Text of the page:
As I have long suspected, it's all in the eye of the beholder.
Now if they had combined that study with a force plate analysis of the same horses to see if there was a difference in limb loading and if the limb loading or non-loading was the same as the vets opinion of lamness, that would be interesting.
1 lame horse, 1 owner, 1 vet, = 3 opinions!
Melyni (PhD) PAS, Dipl. ACAN.
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Posting the definitions of the scale in case anyone is not familiar:
1: Lameness is difficult to observe and is not consistently apparent, regardless of circumstances (e.g., under saddle, circling, inclines, hard surface, etc.).
2: Lameness is difficult to observe at a walk or when trotting in a straight line, but consistently apparent under certain circumstances (e.g., weight carrying, circling, inclines, hard surface, etc.).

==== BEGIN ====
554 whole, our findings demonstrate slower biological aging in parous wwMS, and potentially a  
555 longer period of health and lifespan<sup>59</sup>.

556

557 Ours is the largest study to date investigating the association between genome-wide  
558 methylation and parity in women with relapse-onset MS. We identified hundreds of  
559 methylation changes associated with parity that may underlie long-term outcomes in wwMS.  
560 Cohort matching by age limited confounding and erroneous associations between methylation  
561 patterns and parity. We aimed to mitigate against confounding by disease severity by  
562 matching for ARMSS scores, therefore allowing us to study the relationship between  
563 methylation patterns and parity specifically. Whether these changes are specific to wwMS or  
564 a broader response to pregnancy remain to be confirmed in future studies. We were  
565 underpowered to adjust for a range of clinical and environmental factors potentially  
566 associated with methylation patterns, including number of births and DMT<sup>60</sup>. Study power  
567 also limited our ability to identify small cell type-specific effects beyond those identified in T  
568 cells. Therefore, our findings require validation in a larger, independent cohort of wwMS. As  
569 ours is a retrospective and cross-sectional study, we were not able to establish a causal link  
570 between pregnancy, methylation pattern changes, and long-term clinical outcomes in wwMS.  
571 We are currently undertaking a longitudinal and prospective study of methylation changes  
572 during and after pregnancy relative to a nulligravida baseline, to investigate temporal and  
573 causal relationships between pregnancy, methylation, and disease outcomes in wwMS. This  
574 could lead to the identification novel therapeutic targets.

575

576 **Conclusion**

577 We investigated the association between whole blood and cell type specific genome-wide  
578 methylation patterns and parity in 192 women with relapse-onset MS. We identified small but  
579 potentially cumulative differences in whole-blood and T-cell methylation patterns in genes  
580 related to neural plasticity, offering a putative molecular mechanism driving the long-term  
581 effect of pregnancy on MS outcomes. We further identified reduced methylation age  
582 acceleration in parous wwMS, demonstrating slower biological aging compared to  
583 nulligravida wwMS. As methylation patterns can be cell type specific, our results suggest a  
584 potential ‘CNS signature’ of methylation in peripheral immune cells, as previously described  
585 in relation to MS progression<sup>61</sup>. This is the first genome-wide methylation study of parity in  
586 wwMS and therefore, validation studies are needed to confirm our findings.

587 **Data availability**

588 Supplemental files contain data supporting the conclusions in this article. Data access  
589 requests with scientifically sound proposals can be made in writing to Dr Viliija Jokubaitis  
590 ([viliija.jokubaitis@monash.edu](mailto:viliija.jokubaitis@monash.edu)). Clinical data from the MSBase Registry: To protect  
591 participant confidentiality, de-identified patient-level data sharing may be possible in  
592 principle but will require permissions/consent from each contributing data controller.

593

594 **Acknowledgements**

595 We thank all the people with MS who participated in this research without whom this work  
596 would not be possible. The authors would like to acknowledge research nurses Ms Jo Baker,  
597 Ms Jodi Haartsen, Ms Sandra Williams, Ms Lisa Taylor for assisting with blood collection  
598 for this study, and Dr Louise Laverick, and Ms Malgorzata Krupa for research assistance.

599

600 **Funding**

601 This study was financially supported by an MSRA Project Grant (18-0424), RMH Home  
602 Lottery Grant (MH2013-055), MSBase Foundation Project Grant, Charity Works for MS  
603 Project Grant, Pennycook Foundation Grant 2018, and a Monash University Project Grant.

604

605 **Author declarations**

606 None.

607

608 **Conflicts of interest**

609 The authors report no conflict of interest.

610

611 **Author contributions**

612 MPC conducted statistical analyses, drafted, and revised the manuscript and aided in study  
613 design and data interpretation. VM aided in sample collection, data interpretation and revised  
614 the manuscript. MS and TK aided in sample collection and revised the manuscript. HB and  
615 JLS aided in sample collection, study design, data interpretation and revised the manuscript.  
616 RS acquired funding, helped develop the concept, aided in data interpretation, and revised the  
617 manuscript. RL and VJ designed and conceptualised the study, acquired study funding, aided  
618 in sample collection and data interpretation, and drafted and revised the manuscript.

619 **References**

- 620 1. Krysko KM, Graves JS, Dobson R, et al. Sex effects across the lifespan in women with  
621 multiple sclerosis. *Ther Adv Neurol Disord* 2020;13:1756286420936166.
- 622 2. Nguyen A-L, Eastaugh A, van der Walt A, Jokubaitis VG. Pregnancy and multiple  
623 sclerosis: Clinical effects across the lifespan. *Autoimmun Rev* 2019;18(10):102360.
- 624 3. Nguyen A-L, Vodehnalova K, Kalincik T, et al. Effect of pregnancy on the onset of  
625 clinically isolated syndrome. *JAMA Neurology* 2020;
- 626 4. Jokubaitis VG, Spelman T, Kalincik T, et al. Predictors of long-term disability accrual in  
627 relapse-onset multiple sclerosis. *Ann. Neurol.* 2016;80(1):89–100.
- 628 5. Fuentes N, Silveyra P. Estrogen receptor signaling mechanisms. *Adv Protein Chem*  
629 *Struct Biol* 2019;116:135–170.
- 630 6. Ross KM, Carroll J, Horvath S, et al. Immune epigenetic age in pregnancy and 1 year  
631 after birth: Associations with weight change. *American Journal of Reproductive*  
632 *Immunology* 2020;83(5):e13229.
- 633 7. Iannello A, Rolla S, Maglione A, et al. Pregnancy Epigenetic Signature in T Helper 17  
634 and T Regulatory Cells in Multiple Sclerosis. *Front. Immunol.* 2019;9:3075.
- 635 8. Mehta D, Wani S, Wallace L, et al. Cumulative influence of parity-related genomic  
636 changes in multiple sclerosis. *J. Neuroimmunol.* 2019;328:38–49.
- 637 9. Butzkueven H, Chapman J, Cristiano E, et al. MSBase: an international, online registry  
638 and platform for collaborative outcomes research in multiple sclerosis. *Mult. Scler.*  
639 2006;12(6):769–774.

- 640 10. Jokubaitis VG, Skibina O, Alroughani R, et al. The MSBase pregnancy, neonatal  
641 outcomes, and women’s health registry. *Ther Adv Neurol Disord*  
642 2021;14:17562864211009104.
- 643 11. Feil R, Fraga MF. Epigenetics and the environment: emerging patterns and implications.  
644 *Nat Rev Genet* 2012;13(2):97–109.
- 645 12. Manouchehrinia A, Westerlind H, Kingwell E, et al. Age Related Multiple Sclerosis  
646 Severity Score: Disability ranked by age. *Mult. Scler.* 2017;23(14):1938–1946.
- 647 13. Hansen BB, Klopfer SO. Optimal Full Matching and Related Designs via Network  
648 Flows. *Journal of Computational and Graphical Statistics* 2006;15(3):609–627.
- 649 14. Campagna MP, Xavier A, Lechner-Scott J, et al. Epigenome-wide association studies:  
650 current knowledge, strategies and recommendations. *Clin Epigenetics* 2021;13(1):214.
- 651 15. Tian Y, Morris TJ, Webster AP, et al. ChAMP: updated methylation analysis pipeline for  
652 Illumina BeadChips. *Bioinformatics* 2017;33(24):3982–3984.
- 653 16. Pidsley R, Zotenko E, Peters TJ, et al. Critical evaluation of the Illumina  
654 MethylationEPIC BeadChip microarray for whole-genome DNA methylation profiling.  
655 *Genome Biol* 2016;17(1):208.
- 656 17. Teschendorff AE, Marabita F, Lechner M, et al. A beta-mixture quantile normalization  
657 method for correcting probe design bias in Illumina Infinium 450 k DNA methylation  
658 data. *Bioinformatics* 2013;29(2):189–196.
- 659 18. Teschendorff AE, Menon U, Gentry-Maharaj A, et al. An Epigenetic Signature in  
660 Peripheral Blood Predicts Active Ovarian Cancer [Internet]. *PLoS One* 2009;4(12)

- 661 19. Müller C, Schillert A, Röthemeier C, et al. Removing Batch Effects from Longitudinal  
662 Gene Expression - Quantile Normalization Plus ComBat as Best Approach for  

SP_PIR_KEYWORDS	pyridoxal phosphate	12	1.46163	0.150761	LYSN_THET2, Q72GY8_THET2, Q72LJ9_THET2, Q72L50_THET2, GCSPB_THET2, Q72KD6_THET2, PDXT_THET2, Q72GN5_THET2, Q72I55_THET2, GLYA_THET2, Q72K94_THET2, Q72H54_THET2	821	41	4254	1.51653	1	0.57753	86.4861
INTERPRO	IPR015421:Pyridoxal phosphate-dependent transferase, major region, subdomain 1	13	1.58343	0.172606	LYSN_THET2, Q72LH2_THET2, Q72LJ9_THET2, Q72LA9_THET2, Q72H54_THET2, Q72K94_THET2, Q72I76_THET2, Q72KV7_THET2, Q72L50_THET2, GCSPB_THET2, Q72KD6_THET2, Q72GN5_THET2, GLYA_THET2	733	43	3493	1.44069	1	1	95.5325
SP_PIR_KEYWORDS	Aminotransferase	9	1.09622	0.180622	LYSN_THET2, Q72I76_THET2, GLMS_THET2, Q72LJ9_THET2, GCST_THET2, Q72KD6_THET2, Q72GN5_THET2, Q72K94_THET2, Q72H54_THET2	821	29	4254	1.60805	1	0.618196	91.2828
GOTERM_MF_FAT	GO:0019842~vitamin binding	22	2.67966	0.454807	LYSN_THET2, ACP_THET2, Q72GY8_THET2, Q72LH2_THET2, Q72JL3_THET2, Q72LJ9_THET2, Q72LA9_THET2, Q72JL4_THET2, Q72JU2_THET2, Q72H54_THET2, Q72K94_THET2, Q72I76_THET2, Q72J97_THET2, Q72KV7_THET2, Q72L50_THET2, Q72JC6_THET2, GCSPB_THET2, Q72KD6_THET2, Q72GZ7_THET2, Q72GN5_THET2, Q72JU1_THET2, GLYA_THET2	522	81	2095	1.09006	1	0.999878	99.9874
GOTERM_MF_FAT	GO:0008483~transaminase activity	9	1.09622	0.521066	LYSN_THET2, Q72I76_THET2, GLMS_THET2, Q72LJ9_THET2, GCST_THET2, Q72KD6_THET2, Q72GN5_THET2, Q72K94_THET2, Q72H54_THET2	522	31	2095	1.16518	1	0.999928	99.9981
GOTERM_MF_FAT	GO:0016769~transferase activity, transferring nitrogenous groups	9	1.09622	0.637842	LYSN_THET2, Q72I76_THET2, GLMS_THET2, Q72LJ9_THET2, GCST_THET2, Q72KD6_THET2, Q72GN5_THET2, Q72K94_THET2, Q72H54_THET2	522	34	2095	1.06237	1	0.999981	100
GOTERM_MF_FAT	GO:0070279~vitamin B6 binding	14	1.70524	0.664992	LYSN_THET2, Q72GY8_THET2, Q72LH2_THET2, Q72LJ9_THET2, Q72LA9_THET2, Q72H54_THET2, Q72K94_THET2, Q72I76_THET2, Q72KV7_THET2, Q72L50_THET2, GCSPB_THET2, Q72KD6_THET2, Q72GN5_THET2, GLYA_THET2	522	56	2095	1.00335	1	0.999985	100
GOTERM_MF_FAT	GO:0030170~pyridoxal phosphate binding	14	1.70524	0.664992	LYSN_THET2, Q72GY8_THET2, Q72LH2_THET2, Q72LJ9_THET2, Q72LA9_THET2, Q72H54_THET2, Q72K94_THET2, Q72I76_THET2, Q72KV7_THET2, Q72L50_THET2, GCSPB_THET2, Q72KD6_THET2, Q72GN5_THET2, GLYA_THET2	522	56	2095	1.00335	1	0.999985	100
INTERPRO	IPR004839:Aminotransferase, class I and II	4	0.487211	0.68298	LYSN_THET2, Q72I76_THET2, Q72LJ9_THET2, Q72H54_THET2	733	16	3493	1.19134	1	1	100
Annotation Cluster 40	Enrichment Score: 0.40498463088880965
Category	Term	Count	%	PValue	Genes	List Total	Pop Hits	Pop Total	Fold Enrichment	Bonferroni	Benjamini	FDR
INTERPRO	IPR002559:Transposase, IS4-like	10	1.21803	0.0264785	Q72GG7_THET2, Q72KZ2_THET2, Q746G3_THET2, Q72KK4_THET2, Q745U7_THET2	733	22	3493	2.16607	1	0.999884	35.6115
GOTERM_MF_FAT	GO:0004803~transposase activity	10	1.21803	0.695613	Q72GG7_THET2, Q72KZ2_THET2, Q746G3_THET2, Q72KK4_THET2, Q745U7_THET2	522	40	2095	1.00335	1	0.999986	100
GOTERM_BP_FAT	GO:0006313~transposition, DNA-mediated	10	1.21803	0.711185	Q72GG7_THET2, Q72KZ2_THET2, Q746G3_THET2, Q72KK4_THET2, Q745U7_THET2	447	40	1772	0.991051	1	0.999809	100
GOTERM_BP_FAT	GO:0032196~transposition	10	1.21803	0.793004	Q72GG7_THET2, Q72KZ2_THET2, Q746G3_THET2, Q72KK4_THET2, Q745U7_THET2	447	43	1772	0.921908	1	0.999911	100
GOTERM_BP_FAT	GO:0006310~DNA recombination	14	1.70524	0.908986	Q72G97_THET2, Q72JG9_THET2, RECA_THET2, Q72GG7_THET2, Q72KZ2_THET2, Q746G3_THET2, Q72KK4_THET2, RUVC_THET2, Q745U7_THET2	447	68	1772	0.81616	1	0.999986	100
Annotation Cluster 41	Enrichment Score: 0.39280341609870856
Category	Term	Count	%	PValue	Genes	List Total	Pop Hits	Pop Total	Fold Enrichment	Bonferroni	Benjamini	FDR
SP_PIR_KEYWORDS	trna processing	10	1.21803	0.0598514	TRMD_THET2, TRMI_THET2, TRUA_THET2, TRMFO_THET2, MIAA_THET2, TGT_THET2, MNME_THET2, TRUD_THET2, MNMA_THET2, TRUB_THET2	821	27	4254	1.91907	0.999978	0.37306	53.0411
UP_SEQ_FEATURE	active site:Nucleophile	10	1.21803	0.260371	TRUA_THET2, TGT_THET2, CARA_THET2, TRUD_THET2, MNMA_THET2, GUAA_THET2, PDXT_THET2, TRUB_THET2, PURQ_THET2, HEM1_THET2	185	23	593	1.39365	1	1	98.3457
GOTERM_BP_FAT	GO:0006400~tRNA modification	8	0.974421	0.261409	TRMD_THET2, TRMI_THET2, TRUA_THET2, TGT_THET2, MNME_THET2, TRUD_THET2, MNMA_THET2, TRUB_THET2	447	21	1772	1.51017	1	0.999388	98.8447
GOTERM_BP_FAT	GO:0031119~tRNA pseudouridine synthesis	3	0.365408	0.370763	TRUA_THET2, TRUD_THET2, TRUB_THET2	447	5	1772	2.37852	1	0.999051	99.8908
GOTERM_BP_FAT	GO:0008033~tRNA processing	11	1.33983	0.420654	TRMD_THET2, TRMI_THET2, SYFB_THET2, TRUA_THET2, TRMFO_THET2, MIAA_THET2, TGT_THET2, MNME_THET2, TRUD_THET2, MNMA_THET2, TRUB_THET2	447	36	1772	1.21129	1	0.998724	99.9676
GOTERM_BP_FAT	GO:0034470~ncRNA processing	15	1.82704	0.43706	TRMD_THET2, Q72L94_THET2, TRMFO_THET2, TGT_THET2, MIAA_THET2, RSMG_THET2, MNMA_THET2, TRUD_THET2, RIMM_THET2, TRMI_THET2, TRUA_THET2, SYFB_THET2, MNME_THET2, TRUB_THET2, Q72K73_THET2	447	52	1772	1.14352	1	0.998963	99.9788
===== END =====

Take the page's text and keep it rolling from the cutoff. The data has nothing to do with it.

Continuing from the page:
3: Lameness is consistently observable at a trot under all circumstances.
4: Lameness is obvious at a walk.
5: Lameness produces minimal weight bearing in motion and/or at rest or a complete inability to move.
If the AAEP lameness score was greater than 1.5, the veterinarians agreed whether a limb was lame or not 93.1% of the time;
If the AAEP lameness score was less than or equal to 1.5, the veterinarian's only agreed 61.9% of the time, and